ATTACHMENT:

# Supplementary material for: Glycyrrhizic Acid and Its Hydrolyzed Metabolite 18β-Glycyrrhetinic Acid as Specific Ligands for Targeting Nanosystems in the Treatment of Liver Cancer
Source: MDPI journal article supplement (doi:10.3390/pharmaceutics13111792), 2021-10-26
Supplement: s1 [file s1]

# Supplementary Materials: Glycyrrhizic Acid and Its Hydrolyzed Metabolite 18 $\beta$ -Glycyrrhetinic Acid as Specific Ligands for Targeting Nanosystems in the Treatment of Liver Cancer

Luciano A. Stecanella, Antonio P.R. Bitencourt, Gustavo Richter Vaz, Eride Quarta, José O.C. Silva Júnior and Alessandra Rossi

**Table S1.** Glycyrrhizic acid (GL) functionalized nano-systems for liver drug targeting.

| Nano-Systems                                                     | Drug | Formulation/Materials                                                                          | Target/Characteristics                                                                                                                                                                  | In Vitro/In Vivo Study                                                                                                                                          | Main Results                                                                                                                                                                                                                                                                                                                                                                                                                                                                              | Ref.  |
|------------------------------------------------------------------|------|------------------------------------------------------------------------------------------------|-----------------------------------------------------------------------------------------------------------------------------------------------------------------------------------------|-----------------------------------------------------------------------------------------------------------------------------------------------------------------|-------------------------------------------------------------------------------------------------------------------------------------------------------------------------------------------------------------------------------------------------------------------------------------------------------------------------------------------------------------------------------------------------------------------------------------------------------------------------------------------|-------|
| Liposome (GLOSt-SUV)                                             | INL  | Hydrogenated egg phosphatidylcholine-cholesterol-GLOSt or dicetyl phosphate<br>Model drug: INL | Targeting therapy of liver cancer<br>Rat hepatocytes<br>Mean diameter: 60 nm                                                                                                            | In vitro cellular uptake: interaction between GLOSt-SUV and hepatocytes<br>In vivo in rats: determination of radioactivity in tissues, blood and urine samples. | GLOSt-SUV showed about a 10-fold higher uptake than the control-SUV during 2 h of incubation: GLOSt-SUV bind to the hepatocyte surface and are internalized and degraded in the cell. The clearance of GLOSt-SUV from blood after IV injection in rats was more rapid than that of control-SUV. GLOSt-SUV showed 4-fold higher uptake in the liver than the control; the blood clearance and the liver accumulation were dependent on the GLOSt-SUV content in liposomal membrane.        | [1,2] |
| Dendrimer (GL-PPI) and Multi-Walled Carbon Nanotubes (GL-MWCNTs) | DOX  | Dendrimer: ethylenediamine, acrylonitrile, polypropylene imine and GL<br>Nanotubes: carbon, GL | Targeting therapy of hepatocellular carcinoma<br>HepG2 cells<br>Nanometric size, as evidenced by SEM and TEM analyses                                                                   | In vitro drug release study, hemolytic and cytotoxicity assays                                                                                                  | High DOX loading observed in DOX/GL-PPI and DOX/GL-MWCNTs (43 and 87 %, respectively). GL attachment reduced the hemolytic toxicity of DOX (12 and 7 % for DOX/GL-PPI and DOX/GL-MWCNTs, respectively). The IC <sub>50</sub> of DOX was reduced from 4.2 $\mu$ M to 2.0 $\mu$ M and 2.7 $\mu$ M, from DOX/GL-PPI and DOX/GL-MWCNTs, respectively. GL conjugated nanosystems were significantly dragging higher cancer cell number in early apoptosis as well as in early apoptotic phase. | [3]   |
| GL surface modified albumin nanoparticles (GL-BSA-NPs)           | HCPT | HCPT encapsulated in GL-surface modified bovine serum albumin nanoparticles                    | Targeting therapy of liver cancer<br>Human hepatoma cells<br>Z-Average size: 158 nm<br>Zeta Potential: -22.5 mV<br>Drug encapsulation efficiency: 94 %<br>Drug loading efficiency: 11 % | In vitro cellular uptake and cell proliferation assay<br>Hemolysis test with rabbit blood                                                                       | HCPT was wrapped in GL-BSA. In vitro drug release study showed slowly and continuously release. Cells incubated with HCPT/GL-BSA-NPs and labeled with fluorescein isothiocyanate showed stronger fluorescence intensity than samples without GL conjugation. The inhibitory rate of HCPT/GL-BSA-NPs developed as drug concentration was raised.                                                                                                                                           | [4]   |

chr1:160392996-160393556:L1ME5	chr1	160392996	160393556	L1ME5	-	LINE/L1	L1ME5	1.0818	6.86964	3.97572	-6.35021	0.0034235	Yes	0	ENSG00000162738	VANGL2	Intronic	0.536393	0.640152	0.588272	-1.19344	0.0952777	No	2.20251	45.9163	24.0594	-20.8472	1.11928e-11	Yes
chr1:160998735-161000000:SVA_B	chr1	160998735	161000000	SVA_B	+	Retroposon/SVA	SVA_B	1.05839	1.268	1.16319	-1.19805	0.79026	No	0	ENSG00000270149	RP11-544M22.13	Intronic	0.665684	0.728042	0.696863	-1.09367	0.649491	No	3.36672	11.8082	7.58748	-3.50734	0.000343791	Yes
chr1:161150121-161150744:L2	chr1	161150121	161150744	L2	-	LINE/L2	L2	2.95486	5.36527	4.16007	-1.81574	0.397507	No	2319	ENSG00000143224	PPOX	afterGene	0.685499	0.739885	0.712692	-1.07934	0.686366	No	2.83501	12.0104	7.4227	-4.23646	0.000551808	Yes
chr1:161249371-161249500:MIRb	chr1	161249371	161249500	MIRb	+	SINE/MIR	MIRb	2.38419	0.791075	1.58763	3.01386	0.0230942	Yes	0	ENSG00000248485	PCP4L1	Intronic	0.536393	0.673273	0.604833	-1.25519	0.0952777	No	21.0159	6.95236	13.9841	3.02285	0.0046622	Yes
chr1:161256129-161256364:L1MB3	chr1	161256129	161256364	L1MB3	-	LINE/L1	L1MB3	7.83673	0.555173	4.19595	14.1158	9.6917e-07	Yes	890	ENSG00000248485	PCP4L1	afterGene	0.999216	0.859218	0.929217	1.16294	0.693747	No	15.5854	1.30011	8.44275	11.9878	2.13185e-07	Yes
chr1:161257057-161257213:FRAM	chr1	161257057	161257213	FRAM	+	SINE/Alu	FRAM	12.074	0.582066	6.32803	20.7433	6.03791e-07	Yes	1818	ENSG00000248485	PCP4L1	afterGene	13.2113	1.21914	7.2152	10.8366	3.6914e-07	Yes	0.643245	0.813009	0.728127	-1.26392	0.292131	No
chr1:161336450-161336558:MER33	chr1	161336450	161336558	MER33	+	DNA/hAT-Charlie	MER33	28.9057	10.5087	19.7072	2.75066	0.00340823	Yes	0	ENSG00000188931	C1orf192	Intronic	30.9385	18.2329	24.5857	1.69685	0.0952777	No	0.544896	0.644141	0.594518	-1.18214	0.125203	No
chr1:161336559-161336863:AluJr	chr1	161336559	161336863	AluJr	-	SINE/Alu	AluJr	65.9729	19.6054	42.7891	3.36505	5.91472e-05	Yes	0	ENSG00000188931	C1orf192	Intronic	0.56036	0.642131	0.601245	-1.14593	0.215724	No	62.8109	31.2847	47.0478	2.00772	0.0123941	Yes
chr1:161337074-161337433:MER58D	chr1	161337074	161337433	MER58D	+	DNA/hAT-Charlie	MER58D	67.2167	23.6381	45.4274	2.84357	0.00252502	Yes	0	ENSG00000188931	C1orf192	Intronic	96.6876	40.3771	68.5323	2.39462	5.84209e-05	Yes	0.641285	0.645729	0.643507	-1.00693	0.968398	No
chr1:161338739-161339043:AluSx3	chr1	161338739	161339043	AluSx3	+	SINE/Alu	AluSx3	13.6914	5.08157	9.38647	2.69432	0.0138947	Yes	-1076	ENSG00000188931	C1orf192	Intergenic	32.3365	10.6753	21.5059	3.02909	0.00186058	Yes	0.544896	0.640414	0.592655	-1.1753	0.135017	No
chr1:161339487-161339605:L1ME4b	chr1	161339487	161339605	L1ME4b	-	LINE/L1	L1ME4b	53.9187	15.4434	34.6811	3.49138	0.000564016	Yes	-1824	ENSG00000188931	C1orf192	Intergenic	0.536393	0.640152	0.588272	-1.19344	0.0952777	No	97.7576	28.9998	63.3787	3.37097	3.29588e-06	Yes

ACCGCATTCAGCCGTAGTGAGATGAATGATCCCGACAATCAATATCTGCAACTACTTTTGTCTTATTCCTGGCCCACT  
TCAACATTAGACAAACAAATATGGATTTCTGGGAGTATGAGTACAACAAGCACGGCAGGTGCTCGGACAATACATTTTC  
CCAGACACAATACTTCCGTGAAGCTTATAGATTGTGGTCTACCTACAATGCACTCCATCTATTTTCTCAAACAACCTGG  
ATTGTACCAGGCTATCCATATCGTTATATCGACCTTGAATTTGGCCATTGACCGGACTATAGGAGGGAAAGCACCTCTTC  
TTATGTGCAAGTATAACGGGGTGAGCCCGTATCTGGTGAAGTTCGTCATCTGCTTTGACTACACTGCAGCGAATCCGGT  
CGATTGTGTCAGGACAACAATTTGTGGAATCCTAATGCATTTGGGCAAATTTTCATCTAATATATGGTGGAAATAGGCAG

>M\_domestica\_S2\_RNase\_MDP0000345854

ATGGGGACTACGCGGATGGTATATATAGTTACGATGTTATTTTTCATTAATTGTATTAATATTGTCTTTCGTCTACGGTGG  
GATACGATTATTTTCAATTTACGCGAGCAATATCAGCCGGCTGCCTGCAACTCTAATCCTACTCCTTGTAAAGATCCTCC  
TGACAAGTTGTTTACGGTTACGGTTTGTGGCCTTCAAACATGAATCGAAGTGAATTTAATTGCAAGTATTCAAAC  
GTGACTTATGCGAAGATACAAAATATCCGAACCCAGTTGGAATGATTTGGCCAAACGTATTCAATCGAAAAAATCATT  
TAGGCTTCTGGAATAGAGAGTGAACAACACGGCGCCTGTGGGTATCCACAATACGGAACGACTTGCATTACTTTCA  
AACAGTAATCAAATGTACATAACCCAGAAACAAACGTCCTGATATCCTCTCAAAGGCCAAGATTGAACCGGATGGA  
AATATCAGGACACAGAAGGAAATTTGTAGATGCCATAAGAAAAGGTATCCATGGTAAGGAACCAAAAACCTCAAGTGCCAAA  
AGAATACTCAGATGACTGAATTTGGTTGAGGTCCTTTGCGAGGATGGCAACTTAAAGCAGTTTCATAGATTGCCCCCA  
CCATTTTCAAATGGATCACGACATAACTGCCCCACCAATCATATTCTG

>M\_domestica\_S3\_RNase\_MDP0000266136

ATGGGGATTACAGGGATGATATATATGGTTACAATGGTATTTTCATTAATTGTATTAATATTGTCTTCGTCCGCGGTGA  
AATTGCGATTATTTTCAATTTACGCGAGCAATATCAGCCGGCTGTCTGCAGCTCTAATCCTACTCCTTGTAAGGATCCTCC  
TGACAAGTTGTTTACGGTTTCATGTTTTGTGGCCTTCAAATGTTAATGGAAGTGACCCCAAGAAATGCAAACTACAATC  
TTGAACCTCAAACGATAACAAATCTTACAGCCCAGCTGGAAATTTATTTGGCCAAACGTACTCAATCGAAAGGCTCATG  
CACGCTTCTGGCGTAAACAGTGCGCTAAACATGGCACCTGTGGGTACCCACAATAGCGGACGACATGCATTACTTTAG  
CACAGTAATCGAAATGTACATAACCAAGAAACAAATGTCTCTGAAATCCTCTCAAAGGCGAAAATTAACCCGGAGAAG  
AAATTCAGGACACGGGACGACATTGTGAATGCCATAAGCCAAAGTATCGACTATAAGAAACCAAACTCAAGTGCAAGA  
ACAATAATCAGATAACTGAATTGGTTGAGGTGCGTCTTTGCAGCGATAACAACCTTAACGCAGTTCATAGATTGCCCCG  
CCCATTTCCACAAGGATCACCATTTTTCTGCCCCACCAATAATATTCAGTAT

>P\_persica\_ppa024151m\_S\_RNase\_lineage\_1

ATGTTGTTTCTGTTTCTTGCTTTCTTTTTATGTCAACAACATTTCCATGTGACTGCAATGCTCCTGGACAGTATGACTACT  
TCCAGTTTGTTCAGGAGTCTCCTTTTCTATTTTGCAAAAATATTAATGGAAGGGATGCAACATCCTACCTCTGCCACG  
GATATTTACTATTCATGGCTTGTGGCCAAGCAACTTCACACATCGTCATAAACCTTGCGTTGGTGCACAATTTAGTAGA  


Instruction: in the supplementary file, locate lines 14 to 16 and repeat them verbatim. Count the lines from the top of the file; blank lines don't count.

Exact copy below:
chr1:161150121-161150744:L2	chr1	161150121	161150744	L2	-	LINE/L2	L2	2.95486	5.36527	4.16007	-1.81574	0.397507	No	2319	ENSG00000143224	PPOX	afterGene	0.685499	0.739885	0.712692	-1.07934	0.686366	No	2.83501	12.0104	7.4227	-4.23646	0.000551808	Yes
chr1:161249371-161249500:MIRb	chr1	161249371	161249500	MIRb	+	SINE/MIR	MIRb	2.38419	0.791075	1.58763	3.01386	0.0230942	Yes	0	ENSG00000248485	PCP4L1	Intronic	0.536393	0.673273	0.604833	-1.25519	0.0952777	No	21.0159	6.95236	13.9841	3.02285	0.0046622	Yes
chr1:161256129-161256364:L1MB3	chr1	161256129	161256364	L1MB3	-	LINE/L1	L1MB3	7.83673	0.555173	4.19595	14.1158	9.6917e-07	Yes	890	ENSG00000248485	PCP4L1	afterGene	0.999216	0.859218	0.929217	1.16294	0.693747	No	15.5854	1.30011	8.44275	11.9878	2.13185e-07	Yes